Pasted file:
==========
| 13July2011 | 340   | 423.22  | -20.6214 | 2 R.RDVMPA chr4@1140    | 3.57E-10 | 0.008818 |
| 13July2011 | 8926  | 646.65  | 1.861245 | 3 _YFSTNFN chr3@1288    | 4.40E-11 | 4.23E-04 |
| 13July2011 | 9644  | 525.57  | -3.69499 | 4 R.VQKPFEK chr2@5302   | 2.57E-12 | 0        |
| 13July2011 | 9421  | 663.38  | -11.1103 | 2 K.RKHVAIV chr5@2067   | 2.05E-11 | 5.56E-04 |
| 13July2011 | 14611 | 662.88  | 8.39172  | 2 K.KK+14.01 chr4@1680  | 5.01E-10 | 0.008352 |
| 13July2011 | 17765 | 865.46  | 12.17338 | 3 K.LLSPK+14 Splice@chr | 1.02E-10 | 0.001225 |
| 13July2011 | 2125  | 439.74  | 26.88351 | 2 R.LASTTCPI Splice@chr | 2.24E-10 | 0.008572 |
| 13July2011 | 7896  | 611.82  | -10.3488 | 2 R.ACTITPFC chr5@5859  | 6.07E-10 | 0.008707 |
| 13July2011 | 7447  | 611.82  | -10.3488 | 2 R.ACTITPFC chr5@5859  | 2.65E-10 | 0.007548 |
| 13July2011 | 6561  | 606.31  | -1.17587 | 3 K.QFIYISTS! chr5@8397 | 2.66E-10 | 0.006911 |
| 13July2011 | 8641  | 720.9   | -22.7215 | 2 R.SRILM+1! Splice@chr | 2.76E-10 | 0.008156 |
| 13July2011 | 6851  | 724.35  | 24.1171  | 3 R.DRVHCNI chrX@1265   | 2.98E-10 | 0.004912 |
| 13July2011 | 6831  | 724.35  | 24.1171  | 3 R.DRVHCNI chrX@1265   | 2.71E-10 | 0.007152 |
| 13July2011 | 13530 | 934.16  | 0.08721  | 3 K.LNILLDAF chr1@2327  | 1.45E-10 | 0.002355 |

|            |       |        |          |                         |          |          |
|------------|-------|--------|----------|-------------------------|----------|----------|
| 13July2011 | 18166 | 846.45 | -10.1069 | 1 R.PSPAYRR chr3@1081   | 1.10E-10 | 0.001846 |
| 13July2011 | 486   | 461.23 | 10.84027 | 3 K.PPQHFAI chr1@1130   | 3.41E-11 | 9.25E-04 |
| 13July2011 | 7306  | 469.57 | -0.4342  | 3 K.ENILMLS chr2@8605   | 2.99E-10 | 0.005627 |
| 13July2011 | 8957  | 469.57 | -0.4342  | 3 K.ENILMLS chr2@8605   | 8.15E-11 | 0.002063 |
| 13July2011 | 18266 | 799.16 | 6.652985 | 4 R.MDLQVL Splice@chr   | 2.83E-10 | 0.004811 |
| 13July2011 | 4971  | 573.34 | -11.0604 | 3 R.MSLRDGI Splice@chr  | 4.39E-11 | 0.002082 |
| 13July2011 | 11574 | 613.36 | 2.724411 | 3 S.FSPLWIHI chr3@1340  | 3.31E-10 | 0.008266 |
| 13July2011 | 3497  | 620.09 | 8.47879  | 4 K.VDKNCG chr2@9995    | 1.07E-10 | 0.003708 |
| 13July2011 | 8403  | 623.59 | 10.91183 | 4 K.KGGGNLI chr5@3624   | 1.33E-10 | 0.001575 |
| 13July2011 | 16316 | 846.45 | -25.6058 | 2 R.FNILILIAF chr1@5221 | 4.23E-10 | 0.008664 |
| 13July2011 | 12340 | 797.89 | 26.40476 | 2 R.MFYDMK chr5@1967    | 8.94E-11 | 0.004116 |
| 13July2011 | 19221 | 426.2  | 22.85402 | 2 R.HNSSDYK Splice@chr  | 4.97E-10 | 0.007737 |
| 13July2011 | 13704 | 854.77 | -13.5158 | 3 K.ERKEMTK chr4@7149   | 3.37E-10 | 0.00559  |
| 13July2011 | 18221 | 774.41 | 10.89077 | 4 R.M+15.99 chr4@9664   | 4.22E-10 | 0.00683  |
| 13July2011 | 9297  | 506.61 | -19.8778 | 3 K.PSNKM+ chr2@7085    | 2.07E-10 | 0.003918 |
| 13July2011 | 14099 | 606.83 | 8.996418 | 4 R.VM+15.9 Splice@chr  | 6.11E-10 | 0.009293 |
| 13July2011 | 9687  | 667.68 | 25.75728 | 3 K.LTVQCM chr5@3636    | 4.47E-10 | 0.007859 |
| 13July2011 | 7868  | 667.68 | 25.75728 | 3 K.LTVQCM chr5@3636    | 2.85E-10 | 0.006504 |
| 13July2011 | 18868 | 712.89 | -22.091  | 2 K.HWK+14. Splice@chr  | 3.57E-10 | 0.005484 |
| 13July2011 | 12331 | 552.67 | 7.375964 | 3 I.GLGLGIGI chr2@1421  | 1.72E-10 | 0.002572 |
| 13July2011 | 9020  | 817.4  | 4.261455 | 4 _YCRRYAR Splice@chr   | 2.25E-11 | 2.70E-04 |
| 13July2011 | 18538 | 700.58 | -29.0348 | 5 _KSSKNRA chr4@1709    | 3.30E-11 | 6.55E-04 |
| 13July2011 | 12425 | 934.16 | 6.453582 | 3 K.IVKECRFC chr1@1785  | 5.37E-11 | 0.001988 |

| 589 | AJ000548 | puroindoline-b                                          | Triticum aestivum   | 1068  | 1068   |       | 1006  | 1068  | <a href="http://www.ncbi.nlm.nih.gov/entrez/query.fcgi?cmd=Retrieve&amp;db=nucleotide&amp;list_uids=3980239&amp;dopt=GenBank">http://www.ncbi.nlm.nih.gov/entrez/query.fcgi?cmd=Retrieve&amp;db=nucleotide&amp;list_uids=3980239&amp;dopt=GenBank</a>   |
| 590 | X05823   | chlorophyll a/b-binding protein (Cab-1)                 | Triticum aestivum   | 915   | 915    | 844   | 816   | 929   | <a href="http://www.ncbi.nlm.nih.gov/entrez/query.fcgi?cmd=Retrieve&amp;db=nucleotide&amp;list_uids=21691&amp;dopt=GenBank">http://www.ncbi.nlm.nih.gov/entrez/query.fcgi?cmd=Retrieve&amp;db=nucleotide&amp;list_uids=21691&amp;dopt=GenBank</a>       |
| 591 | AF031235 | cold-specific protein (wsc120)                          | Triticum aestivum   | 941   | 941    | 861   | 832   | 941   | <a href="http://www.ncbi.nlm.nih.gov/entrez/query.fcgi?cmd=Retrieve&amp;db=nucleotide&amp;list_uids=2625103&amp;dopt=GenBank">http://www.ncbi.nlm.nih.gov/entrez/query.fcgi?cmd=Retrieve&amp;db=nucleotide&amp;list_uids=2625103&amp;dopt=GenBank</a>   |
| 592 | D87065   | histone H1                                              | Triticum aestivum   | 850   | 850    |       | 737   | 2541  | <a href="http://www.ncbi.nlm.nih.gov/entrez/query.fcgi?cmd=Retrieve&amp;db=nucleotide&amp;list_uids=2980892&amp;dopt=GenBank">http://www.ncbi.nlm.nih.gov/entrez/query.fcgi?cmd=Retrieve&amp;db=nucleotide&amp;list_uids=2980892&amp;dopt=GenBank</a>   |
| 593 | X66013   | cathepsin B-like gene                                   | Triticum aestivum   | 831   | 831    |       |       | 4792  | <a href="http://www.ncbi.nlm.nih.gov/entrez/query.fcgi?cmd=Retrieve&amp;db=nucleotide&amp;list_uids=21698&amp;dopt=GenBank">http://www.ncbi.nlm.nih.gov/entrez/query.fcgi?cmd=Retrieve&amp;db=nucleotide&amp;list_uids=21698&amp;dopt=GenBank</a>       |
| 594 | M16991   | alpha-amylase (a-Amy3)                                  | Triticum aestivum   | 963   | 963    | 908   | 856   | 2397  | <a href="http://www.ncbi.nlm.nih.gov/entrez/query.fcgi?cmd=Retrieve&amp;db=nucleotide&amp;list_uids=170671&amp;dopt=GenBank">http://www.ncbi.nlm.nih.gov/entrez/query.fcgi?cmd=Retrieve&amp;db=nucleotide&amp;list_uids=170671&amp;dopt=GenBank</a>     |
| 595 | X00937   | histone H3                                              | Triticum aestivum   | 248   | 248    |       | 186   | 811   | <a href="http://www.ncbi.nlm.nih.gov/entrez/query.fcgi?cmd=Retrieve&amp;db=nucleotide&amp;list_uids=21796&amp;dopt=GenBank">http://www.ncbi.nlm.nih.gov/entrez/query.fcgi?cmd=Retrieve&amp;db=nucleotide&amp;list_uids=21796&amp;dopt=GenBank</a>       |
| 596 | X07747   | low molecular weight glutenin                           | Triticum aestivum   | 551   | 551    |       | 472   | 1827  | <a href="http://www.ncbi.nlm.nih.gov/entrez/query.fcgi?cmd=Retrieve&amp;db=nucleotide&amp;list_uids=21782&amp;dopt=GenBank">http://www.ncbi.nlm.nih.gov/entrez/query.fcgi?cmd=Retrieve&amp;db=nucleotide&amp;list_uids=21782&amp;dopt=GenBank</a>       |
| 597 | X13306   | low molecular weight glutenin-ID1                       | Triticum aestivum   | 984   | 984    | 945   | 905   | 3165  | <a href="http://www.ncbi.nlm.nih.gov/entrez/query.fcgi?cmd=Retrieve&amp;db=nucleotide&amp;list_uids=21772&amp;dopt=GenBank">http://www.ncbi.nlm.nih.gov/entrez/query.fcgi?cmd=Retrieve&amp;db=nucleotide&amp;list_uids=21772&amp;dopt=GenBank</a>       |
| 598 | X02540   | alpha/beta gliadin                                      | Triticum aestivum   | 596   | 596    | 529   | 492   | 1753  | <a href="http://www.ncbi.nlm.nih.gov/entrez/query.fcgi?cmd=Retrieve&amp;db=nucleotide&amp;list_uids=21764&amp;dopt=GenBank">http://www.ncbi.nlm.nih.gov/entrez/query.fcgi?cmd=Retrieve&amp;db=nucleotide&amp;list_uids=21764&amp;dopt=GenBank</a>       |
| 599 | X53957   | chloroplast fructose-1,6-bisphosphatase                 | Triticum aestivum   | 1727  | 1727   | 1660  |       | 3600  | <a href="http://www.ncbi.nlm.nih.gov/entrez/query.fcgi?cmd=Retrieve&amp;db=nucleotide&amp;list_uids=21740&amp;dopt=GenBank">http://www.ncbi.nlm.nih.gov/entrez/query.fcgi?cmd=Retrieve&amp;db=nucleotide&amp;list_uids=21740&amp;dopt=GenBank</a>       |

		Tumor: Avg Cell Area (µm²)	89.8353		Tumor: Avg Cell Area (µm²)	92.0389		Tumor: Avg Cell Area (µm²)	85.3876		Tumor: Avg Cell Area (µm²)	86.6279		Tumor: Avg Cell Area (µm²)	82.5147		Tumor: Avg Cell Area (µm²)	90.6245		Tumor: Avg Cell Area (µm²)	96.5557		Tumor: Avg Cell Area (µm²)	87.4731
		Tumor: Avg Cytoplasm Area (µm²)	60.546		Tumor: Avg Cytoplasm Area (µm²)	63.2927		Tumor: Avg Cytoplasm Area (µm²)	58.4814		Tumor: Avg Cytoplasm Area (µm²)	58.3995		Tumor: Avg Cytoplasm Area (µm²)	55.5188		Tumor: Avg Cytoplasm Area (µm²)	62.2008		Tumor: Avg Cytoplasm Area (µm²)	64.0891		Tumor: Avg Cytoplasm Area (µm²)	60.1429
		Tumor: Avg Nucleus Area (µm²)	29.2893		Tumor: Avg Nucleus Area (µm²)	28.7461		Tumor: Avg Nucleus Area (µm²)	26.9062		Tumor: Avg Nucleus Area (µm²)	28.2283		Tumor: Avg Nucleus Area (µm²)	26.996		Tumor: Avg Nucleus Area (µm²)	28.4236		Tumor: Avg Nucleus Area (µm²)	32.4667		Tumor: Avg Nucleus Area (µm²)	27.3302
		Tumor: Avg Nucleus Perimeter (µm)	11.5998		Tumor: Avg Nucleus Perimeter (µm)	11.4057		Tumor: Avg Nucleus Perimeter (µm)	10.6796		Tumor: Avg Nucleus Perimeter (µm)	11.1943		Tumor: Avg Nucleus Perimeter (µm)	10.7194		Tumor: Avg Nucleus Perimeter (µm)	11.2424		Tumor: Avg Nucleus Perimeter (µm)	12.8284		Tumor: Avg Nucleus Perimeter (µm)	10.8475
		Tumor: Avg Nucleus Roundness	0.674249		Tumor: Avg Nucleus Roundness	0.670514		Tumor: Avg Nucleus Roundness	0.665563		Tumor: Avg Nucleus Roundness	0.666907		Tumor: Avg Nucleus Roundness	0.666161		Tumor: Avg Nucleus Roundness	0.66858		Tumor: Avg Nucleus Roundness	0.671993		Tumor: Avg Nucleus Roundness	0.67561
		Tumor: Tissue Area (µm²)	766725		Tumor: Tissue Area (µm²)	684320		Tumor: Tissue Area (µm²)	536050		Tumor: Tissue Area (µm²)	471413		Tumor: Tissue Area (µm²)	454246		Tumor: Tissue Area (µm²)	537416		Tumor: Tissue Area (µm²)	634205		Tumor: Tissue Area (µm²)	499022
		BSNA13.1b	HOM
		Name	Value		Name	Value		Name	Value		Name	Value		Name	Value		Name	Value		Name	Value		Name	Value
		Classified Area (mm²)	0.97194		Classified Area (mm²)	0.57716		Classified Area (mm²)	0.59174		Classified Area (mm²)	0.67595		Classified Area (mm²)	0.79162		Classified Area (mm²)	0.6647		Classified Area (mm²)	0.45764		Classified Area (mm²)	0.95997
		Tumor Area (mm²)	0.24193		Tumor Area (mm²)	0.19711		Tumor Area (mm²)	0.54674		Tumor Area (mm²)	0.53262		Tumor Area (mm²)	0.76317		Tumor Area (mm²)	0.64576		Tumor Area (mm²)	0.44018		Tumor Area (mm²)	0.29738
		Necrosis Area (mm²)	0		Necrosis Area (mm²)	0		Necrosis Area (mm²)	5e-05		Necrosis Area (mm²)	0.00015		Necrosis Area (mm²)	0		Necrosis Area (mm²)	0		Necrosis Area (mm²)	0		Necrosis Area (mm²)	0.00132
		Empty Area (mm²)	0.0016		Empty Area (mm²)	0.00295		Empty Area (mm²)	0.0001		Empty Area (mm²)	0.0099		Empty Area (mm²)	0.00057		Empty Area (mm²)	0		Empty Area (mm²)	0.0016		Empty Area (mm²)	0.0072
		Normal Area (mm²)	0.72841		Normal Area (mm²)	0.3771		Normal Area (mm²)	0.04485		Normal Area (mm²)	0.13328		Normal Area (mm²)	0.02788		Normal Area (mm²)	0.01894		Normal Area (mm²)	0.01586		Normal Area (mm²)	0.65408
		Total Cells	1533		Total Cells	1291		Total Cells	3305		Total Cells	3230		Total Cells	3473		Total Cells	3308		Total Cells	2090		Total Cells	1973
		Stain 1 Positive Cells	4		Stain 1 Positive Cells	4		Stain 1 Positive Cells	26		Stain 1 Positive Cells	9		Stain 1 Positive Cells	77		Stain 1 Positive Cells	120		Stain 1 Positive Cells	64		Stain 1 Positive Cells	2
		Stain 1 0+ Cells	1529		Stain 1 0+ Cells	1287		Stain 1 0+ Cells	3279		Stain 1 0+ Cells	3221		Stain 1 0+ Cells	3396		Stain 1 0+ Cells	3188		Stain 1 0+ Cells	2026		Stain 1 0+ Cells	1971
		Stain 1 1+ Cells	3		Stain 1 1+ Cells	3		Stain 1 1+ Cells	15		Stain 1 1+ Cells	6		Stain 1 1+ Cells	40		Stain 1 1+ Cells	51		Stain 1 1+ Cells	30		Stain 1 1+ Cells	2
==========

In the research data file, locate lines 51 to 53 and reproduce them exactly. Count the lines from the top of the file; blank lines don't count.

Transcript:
		Tumor: Avg Cell Area (µm²)	89.8353		Tumor: Avg Cell Area (µm²)	92.0389		Tumor: Avg Cell Area (µm²)	85.3876		Tumor: Avg Cell Area (µm²)	86.6279		Tumor: Avg Cell Area (µm²)	82.5147		Tumor: Avg Cell Area (µm²)	90.6245		Tumor: Avg Cell Area (µm²)	96.5557		Tumor: Avg Cell Area (µm²)	87.4731
		Tumor: Avg Cytoplasm Area (µm²)	60.546		Tumor: Avg Cytoplasm Area (µm²)	63.2927		Tumor: Avg Cytoplasm Area (µm²)	58.4814		Tumor: Avg Cytoplasm Area (µm²)	58.3995		Tumor: Avg Cytoplasm Area (µm²)	55.5188		Tumor: Avg Cytoplasm Area (µm²)	62.2008		Tumor: Avg Cytoplasm Area (µm²)	64.0891		Tumor: Avg Cytoplasm Area (µm²)	60.1429
		Tumor: Avg Nucleus Area (µm²)	29.2893		Tumor: Avg Nucleus Area (µm²)	28.7461		Tumor: Avg Nucleus Area (µm²)	26.9062		Tumor: Avg Nucleus Area (µm²)	28.2283		Tumor: Avg Nucleus Area (µm²)	26.996		Tumor: Avg Nucleus Area (µm²)	28.4236		Tumor: Avg Nucleus Area (µm²)	32.4667		Tumor: Avg Nucleus Area (µm²)	27.3302